Cecelia Walker said she knows what it feels like to get up in the morning, believe it’s going to be a normal day and believe you’ll see your loved ones again at the end of it.
And she knows what it feels like for that not to happen.
Some years ago, her dad died. A few years later, her husband died, leaving her to raise their son. She remarried and had a daughter — who then died in a car accident at age 14. Then two years ago, Walker’s son died suddenly too.
“There’s this resident sadness that is in my life, but at the same time there’s this deep joy,” she said. “I know that being able to put one foot in front of the other is due to Him.”
That’s what drives Walker’s ministry these days as she serves as executive director of Brookwood Baptist Health’s pastoral care program for all five of their Baptist medical centers — Brookwood and Princeton in Birmingham; Shelby in Alabaster; Walker in Jasper; and Citizens in Talladega.
She also heads up the system’s Clinical Pastoral Education program at Princeton.
“I love being with people, and I want to be whatever support I can be,” Walker said.
Her faith has been important to her since she was a little girl.
Heart for serving
“My grandfathers both were Baptist pastors, as were uncles on both sides of my family,” said Walker, who grew up at First Missionary Baptist Church of East Thomas in Birmingham. “I have always loved God and being in church and everything I could to serve. I would sit at my grandfather’s feet and he would read the Bible to me. He said I was going to do great things for God.”
For years, she didn’t know exactly what that calling might look like. She got her undergraduate degree at Birmingham-Southern College and earned a master’s of divinity at Samford University’s Beeson Divinity School.
Experience led the way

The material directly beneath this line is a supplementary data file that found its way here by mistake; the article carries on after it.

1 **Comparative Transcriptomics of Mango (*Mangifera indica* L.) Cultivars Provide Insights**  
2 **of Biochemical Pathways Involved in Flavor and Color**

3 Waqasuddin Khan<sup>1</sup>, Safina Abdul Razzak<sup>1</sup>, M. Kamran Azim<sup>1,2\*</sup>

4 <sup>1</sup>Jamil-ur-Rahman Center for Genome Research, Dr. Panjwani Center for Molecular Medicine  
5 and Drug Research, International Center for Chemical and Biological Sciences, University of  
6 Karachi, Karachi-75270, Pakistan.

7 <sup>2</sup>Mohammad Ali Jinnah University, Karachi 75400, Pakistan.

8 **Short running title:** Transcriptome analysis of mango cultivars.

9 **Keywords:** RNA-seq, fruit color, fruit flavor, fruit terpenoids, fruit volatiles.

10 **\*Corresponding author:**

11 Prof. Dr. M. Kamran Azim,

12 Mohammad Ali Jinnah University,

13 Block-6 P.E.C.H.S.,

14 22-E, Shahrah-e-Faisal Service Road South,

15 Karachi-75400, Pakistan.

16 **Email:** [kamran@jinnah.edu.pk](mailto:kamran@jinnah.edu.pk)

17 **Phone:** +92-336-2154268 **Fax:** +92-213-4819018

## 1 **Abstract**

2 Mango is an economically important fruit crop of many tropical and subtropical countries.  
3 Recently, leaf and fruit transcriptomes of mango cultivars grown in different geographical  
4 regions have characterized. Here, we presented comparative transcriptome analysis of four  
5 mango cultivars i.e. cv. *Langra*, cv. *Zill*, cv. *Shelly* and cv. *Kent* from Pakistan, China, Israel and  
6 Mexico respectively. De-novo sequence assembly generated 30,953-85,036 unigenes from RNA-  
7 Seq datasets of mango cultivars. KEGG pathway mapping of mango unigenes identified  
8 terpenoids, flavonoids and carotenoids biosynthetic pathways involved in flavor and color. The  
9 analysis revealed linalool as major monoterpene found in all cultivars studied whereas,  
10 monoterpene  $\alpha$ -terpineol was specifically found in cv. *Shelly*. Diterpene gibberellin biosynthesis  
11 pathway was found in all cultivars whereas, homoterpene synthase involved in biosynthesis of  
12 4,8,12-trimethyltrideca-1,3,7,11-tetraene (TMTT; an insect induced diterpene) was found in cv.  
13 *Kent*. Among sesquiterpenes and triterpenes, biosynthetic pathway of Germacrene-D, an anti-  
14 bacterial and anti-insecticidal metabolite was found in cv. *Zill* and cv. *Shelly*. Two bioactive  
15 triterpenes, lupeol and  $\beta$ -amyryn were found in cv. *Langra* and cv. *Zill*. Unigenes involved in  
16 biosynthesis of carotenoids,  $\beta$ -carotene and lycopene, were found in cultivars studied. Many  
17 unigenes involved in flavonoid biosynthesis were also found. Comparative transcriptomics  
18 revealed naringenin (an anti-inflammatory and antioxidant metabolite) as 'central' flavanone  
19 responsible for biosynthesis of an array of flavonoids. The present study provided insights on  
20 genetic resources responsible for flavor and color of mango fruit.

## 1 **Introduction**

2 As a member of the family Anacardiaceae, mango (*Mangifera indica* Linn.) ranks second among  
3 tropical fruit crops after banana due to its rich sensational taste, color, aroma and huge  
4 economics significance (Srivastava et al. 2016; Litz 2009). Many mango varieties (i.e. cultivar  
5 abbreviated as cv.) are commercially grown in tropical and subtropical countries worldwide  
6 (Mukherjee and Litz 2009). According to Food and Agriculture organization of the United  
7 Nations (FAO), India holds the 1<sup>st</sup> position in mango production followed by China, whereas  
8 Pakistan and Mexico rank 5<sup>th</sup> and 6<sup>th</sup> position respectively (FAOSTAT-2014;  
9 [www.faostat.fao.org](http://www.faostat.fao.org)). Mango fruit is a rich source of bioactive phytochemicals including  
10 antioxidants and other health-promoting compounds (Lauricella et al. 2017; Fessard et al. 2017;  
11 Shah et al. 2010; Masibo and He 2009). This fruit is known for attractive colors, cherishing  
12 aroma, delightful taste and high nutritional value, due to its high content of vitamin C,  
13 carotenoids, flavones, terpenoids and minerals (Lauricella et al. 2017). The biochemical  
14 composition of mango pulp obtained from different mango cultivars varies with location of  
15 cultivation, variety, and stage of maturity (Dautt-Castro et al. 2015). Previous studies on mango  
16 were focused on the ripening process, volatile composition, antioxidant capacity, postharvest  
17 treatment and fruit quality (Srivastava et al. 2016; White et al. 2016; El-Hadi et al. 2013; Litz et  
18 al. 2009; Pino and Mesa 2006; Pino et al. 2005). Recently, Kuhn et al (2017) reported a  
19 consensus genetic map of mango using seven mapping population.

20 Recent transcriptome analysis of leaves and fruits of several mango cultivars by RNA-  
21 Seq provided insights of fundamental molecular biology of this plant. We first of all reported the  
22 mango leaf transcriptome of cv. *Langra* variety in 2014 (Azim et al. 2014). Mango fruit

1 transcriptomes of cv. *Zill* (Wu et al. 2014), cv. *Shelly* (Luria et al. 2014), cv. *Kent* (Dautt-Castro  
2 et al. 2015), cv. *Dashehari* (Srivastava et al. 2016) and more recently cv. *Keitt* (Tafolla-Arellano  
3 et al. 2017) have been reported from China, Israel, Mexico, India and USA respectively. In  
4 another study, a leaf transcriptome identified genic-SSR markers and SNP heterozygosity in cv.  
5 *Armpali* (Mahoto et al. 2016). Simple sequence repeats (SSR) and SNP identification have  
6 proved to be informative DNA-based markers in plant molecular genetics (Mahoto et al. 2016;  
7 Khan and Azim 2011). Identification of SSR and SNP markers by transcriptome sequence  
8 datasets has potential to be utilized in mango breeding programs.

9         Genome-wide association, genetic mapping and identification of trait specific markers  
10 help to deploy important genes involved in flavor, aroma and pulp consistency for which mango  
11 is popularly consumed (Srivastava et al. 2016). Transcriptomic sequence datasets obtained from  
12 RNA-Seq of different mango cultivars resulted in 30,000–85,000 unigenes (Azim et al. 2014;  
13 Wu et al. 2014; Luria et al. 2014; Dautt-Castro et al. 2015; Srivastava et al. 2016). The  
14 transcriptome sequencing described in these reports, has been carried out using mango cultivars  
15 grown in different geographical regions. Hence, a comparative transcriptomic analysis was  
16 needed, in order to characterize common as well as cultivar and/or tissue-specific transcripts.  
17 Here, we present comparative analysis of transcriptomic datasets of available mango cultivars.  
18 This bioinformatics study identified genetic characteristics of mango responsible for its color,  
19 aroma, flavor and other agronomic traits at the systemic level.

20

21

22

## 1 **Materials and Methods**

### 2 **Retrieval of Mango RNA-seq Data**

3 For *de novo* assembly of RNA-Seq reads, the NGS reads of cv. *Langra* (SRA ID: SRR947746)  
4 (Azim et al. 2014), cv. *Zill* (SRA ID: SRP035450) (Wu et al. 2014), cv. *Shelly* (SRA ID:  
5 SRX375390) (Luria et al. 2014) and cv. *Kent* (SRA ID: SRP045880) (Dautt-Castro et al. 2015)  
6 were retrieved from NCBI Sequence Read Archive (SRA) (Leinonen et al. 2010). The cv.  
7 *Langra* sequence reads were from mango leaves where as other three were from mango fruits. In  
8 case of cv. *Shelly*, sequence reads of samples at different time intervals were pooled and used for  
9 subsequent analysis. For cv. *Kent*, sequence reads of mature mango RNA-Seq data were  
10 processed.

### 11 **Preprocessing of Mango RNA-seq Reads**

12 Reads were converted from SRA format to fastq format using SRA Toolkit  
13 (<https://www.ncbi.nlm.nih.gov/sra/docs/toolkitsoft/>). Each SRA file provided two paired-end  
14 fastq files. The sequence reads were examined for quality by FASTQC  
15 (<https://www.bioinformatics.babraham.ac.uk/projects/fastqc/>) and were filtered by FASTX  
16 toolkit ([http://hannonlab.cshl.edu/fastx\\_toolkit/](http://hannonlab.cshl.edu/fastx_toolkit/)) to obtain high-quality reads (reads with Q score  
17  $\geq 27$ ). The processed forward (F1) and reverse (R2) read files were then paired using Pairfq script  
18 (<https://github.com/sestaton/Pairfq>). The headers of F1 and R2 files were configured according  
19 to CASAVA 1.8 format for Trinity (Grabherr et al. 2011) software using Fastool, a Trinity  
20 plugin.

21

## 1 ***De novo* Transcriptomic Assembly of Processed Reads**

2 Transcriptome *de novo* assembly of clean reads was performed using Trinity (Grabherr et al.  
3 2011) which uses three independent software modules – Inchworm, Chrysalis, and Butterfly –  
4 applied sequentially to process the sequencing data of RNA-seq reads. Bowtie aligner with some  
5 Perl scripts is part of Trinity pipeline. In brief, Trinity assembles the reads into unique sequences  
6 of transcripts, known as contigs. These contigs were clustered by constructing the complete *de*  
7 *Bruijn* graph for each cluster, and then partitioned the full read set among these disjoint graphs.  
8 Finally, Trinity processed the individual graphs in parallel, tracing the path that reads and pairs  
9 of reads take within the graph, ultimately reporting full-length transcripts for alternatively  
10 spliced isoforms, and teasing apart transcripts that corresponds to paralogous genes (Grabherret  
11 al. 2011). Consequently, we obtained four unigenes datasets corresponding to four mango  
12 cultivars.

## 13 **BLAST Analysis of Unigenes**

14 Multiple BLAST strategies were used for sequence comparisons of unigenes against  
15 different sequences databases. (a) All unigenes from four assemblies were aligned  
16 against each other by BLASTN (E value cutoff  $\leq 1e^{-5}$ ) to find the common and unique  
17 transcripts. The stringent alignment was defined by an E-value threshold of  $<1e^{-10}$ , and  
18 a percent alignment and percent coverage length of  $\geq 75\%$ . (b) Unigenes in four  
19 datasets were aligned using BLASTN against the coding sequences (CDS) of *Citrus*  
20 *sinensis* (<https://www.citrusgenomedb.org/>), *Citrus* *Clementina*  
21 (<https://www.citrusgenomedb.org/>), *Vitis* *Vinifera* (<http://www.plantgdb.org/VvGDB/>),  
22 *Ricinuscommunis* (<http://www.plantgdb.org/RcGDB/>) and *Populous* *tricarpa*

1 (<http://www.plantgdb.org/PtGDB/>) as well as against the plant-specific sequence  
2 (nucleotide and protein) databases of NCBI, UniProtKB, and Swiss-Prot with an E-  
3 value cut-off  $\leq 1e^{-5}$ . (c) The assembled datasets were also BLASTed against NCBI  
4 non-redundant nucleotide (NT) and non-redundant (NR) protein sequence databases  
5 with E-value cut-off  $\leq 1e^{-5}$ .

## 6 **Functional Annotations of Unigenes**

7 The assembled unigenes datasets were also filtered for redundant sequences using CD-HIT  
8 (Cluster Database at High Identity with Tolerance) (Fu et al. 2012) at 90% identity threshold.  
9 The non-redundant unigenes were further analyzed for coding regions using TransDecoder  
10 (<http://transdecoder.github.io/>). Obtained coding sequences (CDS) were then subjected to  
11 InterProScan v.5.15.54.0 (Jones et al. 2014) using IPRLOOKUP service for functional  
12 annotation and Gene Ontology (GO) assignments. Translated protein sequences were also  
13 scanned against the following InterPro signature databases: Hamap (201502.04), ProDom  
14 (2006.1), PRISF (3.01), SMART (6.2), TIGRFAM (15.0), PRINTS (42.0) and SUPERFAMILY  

As she was nearing the end of her program there, she didn’t know what area of ministry she would serve. She remembered her father’s death in a local hospital.
“There was nobody there to support me and my mom,” Walker said. “To this day, it was traumatic.” So when her husband died a few years later in a different hospital, she was hesitant to go in and see him — she remembered how painful the experience had been.
“A chaplain came to be with me, and it was a really sacred time for me and my mother,” she said.
That’s when God’s call began to get clearer. So now Walker — who is also an associate minister at Greater Shiloh Missionary Baptist Church in Birmingham and a member of the board of trustees at Samford — wants to provide similar care to others going through what she went through.
She went on to earn her doctorate of ministry from the ITC Morehouse School of Religion and CPE certification through the Association for Clinical Pastoral Education.
“I want to be there for people — if they want to pray, if they are angry and want to scream, to be able to be present and not judgmental and offer a safe place for them to do what they need to do,” she said.
Walker provides a vital ministry said Amy S. Allen, BHS president and CEO.
“Dr. Walker is an amazing Christian witness in our community,” she said. “She is an inspiration to me and to all those who have the opportunity to work with her.”
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